Since the Neolithic Revolution (c. 10,000BCE), subsistence agriculture has been practiced by most every culture and in extremely diverse climates, from the tropics to the arctic. People have turned to farming and growing food for themselves for a wide variety of reasons, from the practical and economic to the political and philosophical. The methodology used and the produce cultivated vary widely depending on the culture and climate; this ties these spaces to the landscape they are found in and the people that are growing them. They become gardens.
Such gardens are an important contrast to industrialized agriculture. They have persisted even as industrialized techniques become more efficient, with the humble garden’s popularity often being punctuated by cultural contexts. During the World Wars, for example, allotment gardening or ‘Victory Gardens’ were booming throughout the USA, ostensibly to increase domestic productivity and thus support the war effort. Recently, gardening has become popular in the face of globalization due to trends such as the slow food movement, which have led to renewed philosophical interest in self-sufficiency and local or organically grown food. Increasing food prices caused by increased demand and food shortages have encouraged gardeners to grow their own food for more practical reasons in the developing world, in places such as Cuba (due to political isolation) and Mongolia (due to geographic isolation). And as populations continue to rise and the climate changes, it seems inevitable the importance of gardening will become even more apparent and popular.
With this in mind, I set about documenting the variety of gardening traditions around the globe. From countries ranging from Cuba and Japan to Mongolia and the EU, I have photographed subsistence agriculture, urban allotments, and community-based projects or “gardens” interpreted quite broadly. The gardens I have found have been incredibly diverse, from rigorously utilitarian to entirely aesthetic, with a huge range of techniques being used by those who till the land.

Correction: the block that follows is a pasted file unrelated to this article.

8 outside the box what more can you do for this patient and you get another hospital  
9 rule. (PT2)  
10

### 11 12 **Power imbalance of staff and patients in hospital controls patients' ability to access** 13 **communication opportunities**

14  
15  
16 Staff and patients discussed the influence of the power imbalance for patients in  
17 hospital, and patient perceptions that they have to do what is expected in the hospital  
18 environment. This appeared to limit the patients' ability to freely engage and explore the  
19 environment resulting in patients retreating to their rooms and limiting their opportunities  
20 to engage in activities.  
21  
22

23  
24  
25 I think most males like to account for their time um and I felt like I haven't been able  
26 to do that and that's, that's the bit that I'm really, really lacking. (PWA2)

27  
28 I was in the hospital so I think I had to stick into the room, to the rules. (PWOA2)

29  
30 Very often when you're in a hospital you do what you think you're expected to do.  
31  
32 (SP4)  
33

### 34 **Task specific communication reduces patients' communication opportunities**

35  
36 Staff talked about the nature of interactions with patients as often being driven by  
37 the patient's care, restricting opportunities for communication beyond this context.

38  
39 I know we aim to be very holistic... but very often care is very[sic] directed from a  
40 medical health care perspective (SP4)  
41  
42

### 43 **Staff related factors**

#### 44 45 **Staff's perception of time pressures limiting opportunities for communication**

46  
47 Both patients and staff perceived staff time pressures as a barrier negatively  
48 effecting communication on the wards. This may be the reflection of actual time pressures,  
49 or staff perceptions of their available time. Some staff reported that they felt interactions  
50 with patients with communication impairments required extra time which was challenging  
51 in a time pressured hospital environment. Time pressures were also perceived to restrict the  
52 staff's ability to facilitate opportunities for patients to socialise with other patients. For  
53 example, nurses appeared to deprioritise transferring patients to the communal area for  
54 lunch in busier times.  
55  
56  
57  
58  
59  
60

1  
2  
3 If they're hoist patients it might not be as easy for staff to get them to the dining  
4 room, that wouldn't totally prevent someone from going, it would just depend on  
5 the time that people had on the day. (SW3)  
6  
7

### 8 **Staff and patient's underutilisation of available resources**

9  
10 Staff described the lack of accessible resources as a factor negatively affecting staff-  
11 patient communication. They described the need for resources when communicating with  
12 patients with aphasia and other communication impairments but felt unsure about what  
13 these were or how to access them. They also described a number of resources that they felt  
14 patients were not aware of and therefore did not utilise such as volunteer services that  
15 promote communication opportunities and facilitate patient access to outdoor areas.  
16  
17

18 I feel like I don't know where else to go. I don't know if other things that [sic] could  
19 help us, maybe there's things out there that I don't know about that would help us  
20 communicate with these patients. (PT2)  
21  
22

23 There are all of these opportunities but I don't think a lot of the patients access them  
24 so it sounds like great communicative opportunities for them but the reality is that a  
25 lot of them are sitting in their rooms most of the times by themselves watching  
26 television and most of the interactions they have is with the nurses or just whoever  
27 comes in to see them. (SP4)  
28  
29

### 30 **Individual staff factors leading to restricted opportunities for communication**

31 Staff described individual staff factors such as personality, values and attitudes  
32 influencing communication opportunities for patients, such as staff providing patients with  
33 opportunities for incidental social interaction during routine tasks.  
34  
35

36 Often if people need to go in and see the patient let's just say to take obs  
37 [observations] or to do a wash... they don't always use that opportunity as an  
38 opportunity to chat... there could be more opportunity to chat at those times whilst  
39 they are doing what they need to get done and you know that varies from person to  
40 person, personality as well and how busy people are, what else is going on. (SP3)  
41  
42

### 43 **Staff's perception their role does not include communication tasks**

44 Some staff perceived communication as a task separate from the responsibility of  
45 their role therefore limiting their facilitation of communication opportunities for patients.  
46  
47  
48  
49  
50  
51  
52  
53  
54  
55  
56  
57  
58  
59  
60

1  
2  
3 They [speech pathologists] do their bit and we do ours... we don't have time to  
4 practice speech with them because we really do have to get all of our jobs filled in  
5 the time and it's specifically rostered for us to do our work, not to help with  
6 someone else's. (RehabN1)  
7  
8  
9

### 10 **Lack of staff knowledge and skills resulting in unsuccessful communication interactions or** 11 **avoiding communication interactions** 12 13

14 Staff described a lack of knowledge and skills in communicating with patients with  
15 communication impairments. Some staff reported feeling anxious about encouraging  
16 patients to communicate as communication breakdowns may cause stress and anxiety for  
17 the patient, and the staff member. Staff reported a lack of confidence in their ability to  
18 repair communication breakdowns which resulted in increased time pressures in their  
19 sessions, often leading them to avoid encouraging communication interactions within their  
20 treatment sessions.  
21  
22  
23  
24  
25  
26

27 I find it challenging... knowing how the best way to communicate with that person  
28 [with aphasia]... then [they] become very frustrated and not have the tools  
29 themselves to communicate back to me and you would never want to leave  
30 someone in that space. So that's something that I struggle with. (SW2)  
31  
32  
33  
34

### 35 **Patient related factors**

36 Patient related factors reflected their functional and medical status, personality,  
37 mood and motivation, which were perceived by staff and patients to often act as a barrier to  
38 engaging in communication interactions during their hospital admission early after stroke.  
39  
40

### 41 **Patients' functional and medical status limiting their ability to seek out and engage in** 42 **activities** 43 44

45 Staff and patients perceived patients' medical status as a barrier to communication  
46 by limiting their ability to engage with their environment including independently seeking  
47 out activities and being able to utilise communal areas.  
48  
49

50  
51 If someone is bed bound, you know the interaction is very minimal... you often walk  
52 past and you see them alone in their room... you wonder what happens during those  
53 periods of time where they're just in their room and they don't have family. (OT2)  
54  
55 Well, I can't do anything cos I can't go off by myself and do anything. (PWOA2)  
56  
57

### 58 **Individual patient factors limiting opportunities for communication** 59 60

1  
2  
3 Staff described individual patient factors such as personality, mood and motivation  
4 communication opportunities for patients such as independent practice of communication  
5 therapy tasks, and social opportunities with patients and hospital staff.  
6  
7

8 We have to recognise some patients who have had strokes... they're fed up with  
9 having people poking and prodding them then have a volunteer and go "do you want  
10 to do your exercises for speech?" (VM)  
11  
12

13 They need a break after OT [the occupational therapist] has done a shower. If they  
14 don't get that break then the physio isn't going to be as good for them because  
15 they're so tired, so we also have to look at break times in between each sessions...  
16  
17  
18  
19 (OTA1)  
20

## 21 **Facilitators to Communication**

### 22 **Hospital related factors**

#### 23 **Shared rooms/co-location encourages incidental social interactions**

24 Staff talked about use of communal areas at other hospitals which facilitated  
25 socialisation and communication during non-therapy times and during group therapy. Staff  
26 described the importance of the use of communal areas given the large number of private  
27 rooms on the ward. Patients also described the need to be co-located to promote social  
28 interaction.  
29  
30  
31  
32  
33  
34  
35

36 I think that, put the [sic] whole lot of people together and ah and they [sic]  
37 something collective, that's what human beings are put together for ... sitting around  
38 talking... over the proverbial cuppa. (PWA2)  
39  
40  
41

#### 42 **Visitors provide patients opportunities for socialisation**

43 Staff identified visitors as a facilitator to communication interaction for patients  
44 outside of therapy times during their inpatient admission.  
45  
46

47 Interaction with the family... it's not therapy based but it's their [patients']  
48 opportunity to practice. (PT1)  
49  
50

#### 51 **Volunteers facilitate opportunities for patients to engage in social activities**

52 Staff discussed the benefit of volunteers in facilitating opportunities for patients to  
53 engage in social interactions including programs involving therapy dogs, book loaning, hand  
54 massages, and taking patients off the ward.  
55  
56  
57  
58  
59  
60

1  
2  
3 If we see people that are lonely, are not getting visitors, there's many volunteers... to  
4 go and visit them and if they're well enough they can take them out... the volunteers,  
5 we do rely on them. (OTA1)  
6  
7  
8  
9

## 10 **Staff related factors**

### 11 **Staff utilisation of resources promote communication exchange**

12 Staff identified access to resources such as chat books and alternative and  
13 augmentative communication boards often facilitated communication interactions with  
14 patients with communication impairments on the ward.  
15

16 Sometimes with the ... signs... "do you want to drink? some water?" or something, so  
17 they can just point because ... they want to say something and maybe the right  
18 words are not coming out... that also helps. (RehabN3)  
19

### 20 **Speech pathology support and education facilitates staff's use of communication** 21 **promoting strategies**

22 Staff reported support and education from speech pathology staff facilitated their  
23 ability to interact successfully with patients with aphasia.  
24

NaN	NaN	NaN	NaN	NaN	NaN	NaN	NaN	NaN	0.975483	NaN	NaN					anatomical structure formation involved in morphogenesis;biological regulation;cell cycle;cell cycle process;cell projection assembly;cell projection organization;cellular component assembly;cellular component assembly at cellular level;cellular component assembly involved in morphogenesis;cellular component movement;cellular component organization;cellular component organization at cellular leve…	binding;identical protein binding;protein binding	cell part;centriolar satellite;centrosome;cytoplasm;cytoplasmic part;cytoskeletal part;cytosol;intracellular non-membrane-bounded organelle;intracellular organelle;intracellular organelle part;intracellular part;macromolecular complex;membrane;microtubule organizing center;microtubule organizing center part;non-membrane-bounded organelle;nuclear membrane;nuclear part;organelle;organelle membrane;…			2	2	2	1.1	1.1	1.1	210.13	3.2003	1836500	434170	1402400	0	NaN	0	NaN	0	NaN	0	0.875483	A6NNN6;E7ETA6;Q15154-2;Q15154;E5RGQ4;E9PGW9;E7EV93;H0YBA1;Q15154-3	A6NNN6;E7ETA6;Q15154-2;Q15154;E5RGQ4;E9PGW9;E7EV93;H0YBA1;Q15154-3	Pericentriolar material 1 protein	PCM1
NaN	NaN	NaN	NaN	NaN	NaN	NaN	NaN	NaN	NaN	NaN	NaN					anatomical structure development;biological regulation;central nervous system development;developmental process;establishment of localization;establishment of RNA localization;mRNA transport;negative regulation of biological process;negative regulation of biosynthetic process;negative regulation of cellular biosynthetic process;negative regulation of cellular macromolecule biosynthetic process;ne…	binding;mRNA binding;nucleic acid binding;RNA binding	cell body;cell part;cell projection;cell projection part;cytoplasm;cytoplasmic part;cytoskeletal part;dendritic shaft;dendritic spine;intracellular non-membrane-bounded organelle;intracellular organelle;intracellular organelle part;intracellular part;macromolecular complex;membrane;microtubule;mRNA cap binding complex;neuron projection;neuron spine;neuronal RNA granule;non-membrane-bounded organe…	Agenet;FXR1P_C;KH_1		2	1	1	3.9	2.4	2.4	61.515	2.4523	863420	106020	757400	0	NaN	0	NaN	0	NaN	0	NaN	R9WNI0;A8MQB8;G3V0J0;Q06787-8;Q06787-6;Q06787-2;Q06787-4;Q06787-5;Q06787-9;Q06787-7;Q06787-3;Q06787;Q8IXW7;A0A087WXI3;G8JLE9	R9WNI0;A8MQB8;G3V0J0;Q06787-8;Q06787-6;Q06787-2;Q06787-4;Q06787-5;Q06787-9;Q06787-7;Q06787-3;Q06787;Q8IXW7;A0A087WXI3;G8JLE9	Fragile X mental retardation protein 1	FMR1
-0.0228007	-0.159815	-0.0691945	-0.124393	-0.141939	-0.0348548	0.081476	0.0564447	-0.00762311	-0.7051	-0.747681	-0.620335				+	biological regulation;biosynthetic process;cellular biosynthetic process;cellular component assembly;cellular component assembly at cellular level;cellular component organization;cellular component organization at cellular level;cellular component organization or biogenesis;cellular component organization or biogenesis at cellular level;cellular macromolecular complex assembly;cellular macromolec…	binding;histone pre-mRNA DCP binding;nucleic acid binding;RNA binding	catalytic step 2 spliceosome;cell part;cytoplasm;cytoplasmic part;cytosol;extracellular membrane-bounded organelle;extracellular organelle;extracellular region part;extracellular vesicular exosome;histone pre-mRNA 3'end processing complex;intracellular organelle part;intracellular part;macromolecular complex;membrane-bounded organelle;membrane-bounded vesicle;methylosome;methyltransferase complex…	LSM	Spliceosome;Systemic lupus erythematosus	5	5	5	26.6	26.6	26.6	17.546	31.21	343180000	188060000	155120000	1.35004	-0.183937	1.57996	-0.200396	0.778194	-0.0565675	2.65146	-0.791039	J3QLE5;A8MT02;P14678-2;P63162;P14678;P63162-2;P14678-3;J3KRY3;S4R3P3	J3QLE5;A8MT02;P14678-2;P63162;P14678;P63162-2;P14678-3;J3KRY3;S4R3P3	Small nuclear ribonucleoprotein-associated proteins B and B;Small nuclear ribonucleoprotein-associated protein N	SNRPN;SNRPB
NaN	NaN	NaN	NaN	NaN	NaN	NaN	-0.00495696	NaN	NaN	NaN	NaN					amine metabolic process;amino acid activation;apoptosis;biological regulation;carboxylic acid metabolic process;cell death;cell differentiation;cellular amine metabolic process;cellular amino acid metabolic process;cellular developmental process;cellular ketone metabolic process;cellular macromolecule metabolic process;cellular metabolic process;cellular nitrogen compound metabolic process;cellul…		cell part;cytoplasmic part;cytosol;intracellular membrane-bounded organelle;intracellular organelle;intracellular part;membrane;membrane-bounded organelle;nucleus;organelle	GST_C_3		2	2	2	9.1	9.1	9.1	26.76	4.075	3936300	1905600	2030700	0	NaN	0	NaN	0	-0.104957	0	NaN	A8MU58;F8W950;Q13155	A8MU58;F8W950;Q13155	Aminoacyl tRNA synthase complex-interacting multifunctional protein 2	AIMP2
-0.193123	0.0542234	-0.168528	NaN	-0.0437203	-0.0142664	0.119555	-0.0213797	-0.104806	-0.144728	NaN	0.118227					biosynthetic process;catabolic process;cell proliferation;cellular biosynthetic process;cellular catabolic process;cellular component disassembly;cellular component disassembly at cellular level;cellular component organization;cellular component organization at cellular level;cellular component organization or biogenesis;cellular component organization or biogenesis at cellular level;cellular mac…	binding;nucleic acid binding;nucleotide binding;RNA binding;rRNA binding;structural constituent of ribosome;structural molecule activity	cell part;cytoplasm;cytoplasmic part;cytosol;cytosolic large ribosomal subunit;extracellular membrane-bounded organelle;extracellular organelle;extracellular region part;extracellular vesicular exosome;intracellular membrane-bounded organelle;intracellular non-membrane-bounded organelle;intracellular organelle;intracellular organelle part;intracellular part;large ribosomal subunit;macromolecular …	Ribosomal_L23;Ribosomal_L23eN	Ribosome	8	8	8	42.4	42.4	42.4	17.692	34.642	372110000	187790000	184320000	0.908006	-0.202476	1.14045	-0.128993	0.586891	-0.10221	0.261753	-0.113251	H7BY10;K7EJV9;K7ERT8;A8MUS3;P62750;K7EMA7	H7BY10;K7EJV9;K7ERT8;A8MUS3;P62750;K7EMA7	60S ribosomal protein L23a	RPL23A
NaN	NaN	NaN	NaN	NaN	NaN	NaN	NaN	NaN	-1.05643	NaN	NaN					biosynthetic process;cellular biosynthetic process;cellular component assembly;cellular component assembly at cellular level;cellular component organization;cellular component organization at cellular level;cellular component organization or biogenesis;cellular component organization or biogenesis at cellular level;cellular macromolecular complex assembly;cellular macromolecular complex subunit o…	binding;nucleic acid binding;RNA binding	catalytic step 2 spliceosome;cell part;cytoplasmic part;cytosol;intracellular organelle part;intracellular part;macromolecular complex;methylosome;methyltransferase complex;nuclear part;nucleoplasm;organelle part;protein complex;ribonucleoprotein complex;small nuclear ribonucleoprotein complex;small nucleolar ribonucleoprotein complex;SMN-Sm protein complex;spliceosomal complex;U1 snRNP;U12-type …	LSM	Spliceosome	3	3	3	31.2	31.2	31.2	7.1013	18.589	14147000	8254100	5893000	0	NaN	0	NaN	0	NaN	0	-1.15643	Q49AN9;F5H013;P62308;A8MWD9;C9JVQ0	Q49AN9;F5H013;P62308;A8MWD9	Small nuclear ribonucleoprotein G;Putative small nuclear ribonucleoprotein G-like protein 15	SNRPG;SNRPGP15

My interest in these gardens, however, is not technical or instructional. Instead, I have sought out spaces that I feel provide a unique context to explore and examine practical solutions, problems, and questions relating to globalization. The sites I have chosen to photograph often portray horticulture at an intimate scale: found along the margins of human settlement, these patches of earth are often separated from the surrounding landscape and the observer by a fence for privacy and protection. Land ownership is often tenuous, between our ideas of ‘public space’ and ‘private land.’ I aim to weave together these plots of land around the world as I portray the many stark contrasts I have found in these sites. Through these photographs, I strive to relate the spaces of these gardens to the world beyond the garden’s fence and my photograph’s framing. I hope to depict a world where the natural and the civilized are not thought of as mutually exclusive dichotomies, but as ideas and places that can sustainably coexist.